In Django, when a request comes in for your controller (Django calls these Views), your method is called just as it would have been called in a traditional Python app. If you want access to your own models or extra libraries or anything of that type, you need to import them. If you want to return a value to the user that is not an error message, you can to call a templating engine, retrieve its results as a string, construct an HttpResponse() object and pass it the string which will be returned to the user. If there is a problem with your database access, you need to raise your own 500 errors. I have to design an app-specific way of determining what format of output the user is looking for (HTML, XML, RSS, JSON?). After I have defined a database schema, or changed it, I have to manually issue some command line operations to inform Django that it needs to update the schema. To me, these represent areas where Django isn’t even a finished framework. There is too much here for me to do, if I just want to get my application up and running.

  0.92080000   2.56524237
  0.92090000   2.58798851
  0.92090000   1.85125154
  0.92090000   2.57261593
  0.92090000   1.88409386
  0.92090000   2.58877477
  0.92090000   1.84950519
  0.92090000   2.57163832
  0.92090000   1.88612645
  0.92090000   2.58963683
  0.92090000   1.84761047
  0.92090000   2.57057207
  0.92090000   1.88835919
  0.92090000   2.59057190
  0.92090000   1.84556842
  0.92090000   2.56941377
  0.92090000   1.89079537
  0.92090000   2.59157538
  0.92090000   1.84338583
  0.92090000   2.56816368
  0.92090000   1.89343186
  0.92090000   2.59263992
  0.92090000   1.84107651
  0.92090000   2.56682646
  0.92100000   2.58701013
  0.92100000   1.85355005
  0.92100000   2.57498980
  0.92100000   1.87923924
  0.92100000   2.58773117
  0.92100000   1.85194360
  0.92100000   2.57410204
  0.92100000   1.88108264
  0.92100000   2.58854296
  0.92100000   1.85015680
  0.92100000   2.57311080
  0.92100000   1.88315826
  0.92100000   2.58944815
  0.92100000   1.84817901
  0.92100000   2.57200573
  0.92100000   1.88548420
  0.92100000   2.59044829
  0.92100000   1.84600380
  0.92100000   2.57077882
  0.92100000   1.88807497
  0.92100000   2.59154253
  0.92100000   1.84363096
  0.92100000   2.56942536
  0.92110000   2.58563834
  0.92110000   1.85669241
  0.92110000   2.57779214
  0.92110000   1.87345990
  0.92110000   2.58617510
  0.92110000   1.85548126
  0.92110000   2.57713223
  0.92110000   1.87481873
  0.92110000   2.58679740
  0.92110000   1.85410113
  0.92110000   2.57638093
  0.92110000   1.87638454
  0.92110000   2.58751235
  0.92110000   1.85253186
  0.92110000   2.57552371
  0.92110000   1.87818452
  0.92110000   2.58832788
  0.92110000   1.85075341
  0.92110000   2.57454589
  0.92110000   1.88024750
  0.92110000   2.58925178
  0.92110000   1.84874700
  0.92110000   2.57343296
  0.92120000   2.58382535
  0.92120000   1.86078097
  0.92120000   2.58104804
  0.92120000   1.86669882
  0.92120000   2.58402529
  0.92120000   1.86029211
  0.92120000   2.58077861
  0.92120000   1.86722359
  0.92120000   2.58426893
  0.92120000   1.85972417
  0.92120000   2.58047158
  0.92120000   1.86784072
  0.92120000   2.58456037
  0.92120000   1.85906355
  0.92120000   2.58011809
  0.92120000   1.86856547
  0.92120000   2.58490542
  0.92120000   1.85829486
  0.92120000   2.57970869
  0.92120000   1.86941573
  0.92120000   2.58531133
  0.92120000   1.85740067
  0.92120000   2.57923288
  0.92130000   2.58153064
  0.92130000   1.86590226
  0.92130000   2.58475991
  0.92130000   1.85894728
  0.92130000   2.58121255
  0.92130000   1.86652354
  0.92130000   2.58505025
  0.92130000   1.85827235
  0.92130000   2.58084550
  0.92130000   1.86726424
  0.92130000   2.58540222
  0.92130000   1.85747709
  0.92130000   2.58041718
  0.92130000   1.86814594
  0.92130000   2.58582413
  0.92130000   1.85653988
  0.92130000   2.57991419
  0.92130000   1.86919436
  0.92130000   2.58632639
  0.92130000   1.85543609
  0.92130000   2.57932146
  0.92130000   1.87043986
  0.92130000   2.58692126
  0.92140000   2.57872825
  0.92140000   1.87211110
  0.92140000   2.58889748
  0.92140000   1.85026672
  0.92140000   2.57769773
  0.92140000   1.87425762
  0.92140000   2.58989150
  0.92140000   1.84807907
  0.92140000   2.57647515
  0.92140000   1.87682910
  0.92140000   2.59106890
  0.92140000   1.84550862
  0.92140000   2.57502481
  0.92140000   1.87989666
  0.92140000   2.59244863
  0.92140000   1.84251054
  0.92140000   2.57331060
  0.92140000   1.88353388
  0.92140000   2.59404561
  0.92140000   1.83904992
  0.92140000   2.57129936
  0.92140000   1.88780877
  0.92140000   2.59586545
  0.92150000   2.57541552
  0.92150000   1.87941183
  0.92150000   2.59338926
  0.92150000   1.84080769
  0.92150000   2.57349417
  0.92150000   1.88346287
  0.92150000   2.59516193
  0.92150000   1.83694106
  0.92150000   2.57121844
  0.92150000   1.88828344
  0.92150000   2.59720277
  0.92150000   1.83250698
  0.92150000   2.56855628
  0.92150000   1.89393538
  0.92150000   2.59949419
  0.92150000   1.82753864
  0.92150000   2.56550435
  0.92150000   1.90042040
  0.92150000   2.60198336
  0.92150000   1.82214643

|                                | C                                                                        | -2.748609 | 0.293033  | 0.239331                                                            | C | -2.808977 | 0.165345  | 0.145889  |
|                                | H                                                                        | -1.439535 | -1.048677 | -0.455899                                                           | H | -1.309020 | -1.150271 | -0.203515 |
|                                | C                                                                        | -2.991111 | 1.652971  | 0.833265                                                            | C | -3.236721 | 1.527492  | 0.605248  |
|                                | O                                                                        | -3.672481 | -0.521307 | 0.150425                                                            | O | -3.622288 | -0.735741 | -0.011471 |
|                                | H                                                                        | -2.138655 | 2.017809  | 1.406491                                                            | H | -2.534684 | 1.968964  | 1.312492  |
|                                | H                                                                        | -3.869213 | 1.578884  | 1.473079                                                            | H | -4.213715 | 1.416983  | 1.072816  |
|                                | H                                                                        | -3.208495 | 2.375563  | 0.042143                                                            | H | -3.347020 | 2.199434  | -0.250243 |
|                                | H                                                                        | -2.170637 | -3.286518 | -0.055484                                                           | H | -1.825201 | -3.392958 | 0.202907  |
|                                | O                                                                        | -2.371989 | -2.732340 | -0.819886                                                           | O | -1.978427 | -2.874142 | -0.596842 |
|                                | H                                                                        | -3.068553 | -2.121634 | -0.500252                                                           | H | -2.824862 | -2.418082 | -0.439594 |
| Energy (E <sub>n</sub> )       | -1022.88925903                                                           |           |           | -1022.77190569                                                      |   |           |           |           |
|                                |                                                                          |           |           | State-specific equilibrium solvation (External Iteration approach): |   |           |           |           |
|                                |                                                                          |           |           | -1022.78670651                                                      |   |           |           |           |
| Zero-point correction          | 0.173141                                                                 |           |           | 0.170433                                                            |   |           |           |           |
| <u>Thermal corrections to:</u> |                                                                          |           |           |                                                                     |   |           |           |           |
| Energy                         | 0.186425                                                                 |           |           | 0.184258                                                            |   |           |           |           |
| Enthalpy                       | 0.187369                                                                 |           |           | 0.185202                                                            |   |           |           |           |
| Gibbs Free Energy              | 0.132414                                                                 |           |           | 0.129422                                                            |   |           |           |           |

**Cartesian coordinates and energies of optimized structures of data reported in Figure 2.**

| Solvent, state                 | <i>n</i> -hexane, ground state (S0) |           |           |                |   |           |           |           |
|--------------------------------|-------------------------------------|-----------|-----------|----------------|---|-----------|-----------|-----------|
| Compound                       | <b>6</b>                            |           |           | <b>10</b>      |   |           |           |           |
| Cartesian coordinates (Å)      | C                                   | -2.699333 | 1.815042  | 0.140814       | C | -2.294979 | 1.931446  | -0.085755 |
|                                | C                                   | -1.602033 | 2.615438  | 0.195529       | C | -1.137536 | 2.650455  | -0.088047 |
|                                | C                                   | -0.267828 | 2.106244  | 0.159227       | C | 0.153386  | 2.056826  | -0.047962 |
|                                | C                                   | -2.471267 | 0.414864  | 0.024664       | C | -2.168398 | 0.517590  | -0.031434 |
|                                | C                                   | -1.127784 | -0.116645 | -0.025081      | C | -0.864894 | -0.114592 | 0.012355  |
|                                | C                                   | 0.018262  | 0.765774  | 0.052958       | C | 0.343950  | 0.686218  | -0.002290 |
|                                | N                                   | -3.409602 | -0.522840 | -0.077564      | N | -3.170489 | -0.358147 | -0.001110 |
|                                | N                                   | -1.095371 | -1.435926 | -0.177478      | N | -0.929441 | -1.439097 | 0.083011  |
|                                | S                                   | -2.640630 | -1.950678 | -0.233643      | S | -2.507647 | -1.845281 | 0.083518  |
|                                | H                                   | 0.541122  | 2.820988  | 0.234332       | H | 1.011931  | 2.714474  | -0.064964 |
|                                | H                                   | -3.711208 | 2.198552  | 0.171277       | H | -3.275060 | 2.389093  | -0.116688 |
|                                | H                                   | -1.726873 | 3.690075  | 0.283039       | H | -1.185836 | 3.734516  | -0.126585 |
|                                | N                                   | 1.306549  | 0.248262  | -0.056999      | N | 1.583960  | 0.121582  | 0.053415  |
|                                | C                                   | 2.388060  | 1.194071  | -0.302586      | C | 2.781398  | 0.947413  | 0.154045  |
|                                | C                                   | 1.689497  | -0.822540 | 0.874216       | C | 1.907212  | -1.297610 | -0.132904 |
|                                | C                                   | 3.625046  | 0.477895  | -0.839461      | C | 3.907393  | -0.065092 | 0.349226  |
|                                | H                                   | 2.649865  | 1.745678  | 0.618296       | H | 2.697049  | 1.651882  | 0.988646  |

In web2py, I’ll address each of the above issues and where I think the web2py offering is stronger than Django’s.
- Extra imports: In web2py, the base functionality is already imported for me in my controllers (Django’s views). My database object with all my models, web2py’s request and response objects, and a few basic system environment objects. These are functionality basic enough to dynamic web programming that to me a framework which does not include them already is asking more of me than it ought. Perhaps a bit PHP-like of my thinking, but I consider this a major plus for web2py.